Fliers Call Foul on Fares

Nov. 11, 2013
The International Air Transport Association, which represents 240 carriers worldwide, is pushing an industry standard that would let airlines customize flight plans and fares to individual passengers. But those fares would be supplied only if passengers provide personal information

Nov. 10--Larry Chappell is one of those guys who schlepps through airports several times a month on business trips.

As a sales rep for a local corporation, he often flies to Atlanta and Montreal, for instance. So he needs to know the best fares airlines offer.

"That's why I need to see all my options," said Chappell, of Cranberry. "If they didn't send me those options, I'd be screwed."

He and countless fliers could be inconvenienced, or worse, if an industry proposal is adopted that would likely hide some flight options and lowest fares from consumers.

The International Air Transport Association, which represents 240 carriers worldwide, is pushing an industry standard that would let airlines customize flight plans and fares to individual passengers. But those fares would be supplied only if passengers provide personal information.

"The airlines say they want all this information to personalize their offers to you, but it's really a way of determining how much you're willing to pay," said Kevin Mitchell, chairman of the Business Travel Coalition in Radnor, one of several advocacy groups actively opposing the proposal.

A computer technician in Pittsburgh, for example, might need to fly to Phoenix every two weeks to see a client. If that passenger must provide such business travel information to an airline in order to get a fare, "it's like having a target on your back," Mitchell said.

"The airlines are trying to eliminate the ability of (online agencies) like Expedia or Travelocity or Price-line to display all the fares in a matrix where you can compare," said Charlie Leocha, director and founder of Consumer Travel Alliance in Springfield, Va.

"I probably fly about 30 times a year, to a lot of different cities," said Charles Bostick, a Cupertino, Calif., architect visiting Pittsburgh on business recently.

"And I always try to get the best fares," said Bostick, who uses online travel sites.

About 60 percent of airline ticket sales are transacted by travel agents and online travel agencies, according to the association representing carriers.

Aside from passengers and travel agencies, other players could be affected. Car rental agencies, hotels, passenger rail and cruise lines would have to cooperate with the airlines' model if they wanted to be a part of passengers' travel plans, Mitchell said.

Providing one's personal information is nothing new, as online shoppers know -- especially those who receive marketing pitches obviously based on their demographics and purchasing habits. Plus, big airlines are developing systems that will allow them to mine data, such as in-flight purchasing habits and frequent flier records, that they may already have on some passengers.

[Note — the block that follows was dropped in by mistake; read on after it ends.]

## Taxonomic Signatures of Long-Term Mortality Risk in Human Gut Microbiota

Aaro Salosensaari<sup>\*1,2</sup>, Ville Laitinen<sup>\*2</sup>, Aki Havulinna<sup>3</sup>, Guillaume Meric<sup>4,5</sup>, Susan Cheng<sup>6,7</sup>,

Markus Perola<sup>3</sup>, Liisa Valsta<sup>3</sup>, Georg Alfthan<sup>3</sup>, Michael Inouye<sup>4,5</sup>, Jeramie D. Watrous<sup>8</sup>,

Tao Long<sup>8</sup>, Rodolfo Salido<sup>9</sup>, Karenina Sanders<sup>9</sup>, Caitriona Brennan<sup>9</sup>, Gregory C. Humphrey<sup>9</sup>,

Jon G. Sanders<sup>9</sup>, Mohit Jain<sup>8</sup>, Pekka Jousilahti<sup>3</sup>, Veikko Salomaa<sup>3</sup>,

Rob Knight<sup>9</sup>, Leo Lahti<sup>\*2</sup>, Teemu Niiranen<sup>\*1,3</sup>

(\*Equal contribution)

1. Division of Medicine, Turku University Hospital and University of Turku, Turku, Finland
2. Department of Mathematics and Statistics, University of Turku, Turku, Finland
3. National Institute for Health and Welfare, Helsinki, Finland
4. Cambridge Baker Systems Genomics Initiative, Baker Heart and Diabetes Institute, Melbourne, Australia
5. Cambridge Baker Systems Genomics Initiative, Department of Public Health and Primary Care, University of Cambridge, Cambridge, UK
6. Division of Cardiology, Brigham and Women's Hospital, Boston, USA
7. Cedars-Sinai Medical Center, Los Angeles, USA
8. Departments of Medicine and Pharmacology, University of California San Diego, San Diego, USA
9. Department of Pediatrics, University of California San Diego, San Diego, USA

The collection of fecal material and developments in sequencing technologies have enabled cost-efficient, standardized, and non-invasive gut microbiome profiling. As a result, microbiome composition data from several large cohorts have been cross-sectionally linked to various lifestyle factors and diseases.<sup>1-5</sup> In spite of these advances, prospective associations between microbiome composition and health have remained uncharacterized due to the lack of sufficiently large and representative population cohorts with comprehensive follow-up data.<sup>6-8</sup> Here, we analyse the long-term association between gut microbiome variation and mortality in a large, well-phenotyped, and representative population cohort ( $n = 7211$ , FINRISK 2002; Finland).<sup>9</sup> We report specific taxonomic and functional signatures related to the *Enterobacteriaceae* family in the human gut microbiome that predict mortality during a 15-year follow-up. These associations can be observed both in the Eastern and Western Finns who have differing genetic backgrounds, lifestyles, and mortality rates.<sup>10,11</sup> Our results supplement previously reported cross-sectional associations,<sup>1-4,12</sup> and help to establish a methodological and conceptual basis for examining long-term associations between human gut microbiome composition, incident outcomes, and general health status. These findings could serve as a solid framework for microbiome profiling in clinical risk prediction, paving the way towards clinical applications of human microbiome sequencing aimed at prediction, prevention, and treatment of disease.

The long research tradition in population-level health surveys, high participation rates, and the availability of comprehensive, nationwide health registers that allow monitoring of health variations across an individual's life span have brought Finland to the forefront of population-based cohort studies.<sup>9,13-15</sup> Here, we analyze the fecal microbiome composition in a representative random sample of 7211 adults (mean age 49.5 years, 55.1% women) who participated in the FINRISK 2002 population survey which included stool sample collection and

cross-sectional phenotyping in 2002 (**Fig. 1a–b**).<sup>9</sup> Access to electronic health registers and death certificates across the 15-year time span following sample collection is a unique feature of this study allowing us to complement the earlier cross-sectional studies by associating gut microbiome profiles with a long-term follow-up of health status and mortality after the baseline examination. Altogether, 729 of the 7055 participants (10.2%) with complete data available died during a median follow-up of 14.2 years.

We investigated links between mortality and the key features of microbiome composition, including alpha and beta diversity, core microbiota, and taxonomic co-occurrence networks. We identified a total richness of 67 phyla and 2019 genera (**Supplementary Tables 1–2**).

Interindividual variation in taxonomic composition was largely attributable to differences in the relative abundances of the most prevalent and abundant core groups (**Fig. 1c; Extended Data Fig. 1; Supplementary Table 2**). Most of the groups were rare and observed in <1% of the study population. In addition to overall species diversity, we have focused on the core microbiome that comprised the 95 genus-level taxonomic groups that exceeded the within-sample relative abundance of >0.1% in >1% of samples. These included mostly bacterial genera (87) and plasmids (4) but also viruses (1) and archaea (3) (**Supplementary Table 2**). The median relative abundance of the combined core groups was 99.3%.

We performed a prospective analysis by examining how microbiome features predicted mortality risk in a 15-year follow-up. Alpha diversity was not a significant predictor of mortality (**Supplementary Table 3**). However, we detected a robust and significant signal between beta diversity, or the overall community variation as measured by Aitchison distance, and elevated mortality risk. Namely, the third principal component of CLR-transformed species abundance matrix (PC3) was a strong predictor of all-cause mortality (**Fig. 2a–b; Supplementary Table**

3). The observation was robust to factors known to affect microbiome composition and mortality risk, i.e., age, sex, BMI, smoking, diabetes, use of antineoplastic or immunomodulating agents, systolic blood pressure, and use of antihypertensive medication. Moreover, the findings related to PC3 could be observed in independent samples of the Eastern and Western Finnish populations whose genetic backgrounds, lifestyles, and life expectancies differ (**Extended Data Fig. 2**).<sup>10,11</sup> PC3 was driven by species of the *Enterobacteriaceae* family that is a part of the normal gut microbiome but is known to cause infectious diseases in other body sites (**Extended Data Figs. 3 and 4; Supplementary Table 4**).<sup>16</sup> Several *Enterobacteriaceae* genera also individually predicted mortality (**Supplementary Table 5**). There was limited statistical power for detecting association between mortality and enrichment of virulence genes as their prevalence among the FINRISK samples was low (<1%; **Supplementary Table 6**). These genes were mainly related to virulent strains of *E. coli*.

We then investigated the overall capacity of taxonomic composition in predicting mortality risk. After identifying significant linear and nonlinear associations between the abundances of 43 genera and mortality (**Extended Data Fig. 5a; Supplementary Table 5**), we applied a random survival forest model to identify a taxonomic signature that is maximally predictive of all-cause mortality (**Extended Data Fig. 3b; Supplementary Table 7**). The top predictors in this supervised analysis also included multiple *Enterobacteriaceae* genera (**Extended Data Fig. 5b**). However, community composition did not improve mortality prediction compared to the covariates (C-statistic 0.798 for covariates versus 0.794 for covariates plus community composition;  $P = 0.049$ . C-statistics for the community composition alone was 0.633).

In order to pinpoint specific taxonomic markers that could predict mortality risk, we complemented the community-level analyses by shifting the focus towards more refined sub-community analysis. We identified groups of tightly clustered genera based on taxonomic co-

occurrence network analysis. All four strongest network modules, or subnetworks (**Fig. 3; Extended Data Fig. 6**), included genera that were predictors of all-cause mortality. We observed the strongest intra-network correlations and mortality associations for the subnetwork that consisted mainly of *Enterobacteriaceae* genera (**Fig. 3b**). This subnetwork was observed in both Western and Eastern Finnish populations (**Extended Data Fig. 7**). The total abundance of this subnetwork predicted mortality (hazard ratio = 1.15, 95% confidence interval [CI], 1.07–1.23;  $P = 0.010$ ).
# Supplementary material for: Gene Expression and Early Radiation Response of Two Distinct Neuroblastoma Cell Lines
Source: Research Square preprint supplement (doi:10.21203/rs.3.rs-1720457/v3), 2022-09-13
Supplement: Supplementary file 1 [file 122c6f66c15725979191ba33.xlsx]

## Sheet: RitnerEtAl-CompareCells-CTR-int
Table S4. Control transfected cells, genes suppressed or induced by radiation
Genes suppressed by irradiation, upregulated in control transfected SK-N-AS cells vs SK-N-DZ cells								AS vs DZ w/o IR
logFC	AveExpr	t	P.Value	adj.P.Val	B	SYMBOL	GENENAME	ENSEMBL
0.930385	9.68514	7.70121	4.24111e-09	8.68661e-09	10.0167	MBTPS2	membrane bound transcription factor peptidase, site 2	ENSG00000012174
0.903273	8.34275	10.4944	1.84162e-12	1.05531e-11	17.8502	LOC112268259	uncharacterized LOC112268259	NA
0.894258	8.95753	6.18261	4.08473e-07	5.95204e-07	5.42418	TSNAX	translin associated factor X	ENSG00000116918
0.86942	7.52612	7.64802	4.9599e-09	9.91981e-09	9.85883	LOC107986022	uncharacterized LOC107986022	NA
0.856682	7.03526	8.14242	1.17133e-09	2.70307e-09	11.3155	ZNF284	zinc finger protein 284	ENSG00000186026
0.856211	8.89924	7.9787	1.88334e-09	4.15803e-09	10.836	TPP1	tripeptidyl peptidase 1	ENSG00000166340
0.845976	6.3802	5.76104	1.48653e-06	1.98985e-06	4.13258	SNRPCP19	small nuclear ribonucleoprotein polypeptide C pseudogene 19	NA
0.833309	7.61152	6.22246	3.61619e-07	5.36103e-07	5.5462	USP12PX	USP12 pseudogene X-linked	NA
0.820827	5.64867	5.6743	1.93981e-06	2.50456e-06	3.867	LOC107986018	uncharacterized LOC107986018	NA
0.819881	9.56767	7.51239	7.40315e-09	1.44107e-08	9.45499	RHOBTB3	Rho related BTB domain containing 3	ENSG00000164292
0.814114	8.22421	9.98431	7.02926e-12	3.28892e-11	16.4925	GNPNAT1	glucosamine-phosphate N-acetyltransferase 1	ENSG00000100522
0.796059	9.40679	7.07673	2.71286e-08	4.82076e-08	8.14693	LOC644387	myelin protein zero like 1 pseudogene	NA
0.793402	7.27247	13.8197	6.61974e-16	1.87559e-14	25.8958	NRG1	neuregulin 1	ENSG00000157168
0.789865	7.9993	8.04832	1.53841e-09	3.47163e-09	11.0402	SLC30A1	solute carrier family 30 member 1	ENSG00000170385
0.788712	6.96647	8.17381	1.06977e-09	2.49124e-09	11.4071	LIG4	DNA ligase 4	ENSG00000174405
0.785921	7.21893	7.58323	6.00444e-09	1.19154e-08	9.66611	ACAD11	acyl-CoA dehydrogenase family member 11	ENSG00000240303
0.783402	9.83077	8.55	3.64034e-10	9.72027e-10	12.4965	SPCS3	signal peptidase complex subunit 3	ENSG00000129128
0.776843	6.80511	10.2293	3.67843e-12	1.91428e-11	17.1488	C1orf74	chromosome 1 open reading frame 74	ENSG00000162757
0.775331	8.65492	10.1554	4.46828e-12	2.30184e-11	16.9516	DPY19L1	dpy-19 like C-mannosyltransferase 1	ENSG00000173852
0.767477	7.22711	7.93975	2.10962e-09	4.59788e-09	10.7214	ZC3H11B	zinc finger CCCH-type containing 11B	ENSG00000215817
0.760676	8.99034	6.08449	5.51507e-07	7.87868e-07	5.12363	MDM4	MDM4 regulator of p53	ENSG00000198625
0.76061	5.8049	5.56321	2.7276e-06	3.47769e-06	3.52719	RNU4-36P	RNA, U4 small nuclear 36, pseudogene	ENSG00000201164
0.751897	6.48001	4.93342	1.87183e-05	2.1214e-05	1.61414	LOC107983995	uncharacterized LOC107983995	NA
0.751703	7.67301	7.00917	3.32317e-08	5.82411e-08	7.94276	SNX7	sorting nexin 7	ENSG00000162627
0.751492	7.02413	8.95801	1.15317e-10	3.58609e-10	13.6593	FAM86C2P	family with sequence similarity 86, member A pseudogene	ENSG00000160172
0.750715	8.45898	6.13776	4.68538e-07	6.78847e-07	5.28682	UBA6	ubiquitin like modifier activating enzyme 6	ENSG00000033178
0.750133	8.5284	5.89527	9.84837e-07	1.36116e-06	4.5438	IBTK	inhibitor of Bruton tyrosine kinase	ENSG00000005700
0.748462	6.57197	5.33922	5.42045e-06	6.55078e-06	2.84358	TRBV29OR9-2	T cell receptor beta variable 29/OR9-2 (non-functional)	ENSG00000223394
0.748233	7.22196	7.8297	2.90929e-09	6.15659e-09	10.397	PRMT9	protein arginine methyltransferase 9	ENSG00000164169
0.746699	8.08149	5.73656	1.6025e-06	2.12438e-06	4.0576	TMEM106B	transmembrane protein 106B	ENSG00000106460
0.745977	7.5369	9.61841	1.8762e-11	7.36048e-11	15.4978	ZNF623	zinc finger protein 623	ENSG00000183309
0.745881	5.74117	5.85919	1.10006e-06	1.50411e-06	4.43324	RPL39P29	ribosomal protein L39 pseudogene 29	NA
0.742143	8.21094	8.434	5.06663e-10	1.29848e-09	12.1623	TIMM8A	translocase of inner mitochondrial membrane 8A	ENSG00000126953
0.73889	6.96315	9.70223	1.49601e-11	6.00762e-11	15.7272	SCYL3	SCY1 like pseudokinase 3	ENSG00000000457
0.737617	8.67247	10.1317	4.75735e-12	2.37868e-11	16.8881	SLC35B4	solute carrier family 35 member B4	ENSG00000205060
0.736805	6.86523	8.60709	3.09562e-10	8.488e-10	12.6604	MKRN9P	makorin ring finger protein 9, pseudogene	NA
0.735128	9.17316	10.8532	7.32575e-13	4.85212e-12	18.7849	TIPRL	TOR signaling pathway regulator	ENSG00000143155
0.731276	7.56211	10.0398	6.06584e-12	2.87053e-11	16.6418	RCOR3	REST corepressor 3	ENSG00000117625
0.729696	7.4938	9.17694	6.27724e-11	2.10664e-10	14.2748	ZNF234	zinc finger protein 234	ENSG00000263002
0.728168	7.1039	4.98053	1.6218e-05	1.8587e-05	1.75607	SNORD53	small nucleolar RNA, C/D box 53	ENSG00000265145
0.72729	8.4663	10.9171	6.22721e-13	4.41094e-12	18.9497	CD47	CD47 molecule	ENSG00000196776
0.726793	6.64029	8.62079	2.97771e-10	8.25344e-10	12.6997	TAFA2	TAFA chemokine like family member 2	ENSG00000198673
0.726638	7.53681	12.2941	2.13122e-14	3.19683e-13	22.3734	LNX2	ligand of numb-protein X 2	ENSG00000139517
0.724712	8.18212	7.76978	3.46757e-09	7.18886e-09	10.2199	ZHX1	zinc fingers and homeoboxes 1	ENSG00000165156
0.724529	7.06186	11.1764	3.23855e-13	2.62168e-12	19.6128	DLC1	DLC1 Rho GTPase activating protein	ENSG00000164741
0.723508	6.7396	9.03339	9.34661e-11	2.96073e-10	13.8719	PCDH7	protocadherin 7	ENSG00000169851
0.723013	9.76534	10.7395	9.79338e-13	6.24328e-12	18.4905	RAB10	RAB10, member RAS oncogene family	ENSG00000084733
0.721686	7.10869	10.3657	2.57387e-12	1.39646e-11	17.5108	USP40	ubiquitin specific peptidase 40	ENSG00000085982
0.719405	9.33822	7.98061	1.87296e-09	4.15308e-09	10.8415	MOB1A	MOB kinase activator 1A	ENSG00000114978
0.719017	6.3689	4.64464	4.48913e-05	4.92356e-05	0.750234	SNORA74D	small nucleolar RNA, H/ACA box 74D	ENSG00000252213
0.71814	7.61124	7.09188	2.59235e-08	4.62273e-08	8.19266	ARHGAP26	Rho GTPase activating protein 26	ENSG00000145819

But detractors of the global transport association's proposal find it disturbing that airlines could pick and choose which flight and fare options to offer passengers, depending on demographics and travel habits.

The association's proposed system is called the "New Distribution Capability." The association revealed the global initiative at an industry conference in Geneva in 2011.

Spokesman Peter Flint said the proposal is a "technical standard" that airlines are not obliged to adopt. Airlines, and not the association, decide fares and how to distribute that information, he pointed out.

Flint defended airlines' desire to personalize travel offers and fares according to information travelers supply: "How is it different from retailers that have 'clubs' that you have to join to receive special offers and prices?"

Airlines for America, an industry group of the 11 largest U.S. carriers, endorses the proposal. Its members include US Airways and Delta Air Lines, which offer the most nonstops from Pittsburgh International Airport.

Matt Miller, a spokesmen for American Airlines, US Airways' merger partner, said the airline could not comment on fare-related matters. US Airways spokesman Andrew Christie and Delta spokesman Paul Skrbec declined to comment.

The Department of Transportation and regulators in European Union countries are reviewing the proposal. The U.S. agency's review should be completed by year's end, said spokesman Bill Mosley, who would not speculate about its prospects for approval.

"They (airlines) are just trying to make more money," said business traveler Chappell.

He spurns airlines for 20 or so business trips to Toronto a year -- instead, driving more than four hours each way -- because the Pittsburgh-Toronto flight costs about $1,200.

But the transport association insists airlines need the New Distribution Capability and the tech standards that support it. Some airline reservations systems and travel agent technology are too antiquated to support today's "robust/complex" offers, including WiFi connectivity, meal choices and extra leg room, the group said.

Business traveler advocate Mitchell counters that no consumer segment other than banking requires personal information before quoting prices for products or services.

"And that's because a bank needs to know about you so it can determine whether to take you on as a risk before it grants you a loan," Mitchell said.

The groups opposing the proposal are trying to work with the global airline organization to modify its plans, said Christoph Klenner, secretary general of the European Technology & Travel Services Association.

They favor technological innovation, said Klenner, as long as travel agents and related businesses can access all airline schedules, fees and fares so that people can shop for deals.